What if I haven’t kept the company financial accounts up to date?
Directors are often concerned that they have not adequately maintained the company’s books and records and that this may be a problem if they place the company into liquidation.
The law does have something to say about this topic. The Corporations Act (Section 286) requires that a company must keep written financial records that correctly record and explain its transactions and financial position and performance and would enable true and fair financial statements to be prepared and audited. That obligation to keep financial records extends to transactions undertaken by the company as trustee of a trust. The financial records must be retained for seven years.
And, yes, it is an offence if a company has not complied with the above requirements.
But there are a few things to consider if you are a director and you are concerned the books and records are inadequate. Firstly, you should not read the above requirements as meaning that the company must have prepared financial statements up until the date of liquidation. The company must have maintained financial records but that is a requirement short of actually preparing financial statements (such as balance sheet and profit and loss statements). Take note of the words “would enable true and fair financial statements to be prepared”. There is case law that confirms that as long as the company kept books and records that would have allowed financial statements to be prepared, it is unnecessary to actually prepare the financial statements.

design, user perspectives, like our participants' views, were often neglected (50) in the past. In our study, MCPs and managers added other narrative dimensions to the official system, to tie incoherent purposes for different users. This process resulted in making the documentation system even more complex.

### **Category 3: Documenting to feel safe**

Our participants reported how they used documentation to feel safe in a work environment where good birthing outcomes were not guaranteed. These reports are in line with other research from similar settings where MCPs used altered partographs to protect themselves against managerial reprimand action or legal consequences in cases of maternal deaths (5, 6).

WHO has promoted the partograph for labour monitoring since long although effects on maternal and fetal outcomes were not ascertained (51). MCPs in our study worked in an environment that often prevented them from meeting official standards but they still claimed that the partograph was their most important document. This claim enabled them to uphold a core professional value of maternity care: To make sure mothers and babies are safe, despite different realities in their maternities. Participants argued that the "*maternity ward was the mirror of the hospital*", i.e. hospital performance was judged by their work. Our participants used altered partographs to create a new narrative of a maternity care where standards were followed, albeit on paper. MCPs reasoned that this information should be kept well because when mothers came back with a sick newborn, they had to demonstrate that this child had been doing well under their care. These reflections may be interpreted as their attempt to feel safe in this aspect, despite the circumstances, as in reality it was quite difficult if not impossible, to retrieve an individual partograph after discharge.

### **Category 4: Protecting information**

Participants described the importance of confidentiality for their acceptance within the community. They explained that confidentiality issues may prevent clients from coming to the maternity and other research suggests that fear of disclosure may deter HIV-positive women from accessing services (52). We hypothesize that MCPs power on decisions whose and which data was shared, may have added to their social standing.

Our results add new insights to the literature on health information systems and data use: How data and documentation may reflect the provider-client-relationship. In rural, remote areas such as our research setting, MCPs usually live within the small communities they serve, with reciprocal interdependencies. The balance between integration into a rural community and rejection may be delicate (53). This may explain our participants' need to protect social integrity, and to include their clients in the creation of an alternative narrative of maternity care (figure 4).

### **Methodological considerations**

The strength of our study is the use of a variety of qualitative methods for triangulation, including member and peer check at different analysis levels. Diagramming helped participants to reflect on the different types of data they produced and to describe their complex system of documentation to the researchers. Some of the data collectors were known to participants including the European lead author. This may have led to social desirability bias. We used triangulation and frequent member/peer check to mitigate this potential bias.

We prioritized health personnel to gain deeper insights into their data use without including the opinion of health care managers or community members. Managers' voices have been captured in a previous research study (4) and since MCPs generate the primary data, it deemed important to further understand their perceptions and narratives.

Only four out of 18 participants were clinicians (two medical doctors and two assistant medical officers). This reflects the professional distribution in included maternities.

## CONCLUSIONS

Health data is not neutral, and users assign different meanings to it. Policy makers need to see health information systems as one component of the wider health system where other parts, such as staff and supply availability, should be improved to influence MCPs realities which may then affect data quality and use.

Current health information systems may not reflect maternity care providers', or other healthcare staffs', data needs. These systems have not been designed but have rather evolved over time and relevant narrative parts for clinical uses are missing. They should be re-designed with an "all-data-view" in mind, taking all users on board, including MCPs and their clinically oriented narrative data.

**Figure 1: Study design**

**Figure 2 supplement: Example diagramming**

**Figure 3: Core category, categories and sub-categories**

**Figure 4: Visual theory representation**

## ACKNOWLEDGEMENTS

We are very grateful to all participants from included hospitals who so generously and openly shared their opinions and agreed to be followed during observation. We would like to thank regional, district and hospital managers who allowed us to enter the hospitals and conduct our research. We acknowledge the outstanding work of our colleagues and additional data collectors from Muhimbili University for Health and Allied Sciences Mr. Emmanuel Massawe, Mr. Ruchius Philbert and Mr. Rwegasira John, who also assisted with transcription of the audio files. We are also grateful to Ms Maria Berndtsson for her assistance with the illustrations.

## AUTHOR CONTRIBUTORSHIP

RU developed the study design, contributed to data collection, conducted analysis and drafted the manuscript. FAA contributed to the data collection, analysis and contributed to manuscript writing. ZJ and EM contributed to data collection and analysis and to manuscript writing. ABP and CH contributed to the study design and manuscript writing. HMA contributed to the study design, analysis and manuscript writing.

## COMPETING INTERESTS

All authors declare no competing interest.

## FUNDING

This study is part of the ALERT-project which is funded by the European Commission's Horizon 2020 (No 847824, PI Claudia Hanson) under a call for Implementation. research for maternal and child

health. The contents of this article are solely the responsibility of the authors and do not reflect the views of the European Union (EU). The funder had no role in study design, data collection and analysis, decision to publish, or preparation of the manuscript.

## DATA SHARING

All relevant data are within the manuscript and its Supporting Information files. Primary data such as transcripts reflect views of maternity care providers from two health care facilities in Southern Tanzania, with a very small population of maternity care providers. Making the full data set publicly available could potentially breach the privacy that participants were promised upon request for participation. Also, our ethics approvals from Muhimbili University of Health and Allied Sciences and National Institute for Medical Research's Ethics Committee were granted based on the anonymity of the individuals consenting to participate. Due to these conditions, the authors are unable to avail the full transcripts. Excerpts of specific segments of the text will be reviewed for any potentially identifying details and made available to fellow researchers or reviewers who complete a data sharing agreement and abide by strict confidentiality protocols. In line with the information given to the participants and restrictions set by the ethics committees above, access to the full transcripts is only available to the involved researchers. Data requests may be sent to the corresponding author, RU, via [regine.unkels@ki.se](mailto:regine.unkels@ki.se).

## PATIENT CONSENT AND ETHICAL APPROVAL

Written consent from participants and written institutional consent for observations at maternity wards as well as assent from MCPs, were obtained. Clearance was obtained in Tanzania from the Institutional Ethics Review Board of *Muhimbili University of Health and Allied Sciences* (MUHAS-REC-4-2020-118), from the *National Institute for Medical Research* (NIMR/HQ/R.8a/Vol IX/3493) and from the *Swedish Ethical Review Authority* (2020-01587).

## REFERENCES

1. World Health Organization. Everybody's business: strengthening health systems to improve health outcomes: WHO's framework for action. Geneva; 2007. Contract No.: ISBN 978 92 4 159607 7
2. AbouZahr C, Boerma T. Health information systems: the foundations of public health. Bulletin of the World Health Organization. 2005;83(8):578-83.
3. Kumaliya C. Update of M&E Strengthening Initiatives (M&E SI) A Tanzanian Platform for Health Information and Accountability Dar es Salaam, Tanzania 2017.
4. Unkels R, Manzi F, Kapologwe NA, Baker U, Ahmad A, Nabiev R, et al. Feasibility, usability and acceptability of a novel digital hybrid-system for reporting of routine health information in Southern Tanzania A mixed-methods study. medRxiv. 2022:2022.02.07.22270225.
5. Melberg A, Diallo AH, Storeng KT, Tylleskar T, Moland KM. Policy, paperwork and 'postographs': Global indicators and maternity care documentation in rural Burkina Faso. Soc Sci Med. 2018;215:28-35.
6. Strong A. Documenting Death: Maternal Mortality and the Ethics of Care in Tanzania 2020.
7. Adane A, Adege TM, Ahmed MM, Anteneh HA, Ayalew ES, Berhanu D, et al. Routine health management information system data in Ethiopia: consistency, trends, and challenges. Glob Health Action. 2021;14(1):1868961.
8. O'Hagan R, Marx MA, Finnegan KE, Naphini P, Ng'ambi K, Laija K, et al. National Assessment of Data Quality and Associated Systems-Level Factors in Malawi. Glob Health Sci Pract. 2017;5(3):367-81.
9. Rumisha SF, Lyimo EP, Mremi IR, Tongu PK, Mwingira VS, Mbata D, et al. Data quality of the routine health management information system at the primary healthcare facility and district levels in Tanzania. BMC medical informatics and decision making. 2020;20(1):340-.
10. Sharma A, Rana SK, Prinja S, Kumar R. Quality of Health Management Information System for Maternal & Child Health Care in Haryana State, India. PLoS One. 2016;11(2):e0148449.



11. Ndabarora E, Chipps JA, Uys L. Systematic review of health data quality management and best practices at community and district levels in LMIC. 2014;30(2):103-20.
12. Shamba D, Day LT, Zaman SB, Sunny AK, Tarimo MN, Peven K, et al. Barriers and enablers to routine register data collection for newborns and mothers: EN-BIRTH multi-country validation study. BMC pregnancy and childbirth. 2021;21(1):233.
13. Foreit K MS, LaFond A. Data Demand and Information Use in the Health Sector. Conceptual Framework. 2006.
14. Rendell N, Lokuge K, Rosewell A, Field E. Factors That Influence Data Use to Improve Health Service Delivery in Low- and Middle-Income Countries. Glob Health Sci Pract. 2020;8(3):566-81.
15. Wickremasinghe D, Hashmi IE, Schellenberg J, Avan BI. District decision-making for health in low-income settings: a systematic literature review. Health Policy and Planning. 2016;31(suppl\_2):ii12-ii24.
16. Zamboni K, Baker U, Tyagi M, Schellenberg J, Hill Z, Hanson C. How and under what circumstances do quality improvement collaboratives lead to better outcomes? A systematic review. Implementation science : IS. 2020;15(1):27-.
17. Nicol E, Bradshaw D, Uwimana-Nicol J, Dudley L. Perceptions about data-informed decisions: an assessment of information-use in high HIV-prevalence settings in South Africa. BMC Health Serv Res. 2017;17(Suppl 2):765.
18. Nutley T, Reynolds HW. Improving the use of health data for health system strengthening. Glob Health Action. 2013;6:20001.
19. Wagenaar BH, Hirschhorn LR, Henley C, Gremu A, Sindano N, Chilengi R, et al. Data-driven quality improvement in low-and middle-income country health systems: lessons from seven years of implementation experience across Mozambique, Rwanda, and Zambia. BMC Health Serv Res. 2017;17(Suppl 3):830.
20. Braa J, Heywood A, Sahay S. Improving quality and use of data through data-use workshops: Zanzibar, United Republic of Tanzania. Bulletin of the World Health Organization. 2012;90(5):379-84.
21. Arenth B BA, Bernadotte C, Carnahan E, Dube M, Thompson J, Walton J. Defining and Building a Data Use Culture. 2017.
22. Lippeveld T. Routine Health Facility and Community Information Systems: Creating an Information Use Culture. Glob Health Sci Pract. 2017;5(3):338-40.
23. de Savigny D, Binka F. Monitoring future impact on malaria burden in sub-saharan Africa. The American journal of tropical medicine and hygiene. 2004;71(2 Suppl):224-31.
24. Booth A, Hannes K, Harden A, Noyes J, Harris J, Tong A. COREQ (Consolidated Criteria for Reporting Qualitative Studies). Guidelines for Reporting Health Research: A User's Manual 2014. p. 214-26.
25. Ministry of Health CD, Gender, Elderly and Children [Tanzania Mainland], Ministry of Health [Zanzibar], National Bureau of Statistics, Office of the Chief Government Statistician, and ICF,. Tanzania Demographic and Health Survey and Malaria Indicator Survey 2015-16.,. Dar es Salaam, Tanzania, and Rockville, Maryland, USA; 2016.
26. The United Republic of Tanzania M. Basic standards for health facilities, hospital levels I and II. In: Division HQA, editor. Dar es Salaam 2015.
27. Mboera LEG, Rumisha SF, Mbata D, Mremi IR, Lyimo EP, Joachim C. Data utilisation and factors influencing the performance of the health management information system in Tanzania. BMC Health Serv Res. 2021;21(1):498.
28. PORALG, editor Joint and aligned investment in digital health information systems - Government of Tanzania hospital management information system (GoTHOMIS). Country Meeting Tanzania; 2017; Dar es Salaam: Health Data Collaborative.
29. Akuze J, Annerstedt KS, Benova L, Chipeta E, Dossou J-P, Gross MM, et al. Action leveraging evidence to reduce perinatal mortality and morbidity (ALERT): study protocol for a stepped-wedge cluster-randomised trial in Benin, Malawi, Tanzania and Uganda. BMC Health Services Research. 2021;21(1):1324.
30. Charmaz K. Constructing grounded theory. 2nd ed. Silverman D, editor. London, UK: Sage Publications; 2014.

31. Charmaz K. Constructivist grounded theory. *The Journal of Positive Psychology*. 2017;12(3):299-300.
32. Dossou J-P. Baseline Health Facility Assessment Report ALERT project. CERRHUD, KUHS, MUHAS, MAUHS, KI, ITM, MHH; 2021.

So if you are considering placing your company into liquidation, it is not necessary to spend many hours or incur the expense of having your accountant prepare financial statements up until the date of liquidation.
Be aware that after you place the company into liquidation, the Liquidator will send you a Notice requiring you to deliver all of the company’s books and records, usually within two weeks of the date of liquidation.
There is one extra word of warning for a director. If you have not kept adequate books and records, or if the books and records are lost, then you need to be concerned about the Insolvent Trading laws. Insolvent trading laws can make a director personally liable for the debts of the company that are incurred after the date of insolvency. It was often a problem for a liquidator to prove insolvency when a director had “lost” or never prepared books and records. As a result, a few years ago, the law was amended so that if a director has failed to keep books and records or fails to deliver books and records to the liquidator, then the liquidator is allowed to “presume” that the company was insolvent for the period of time when books and records were not kept. You can read more about this topic on our insolvent trading page.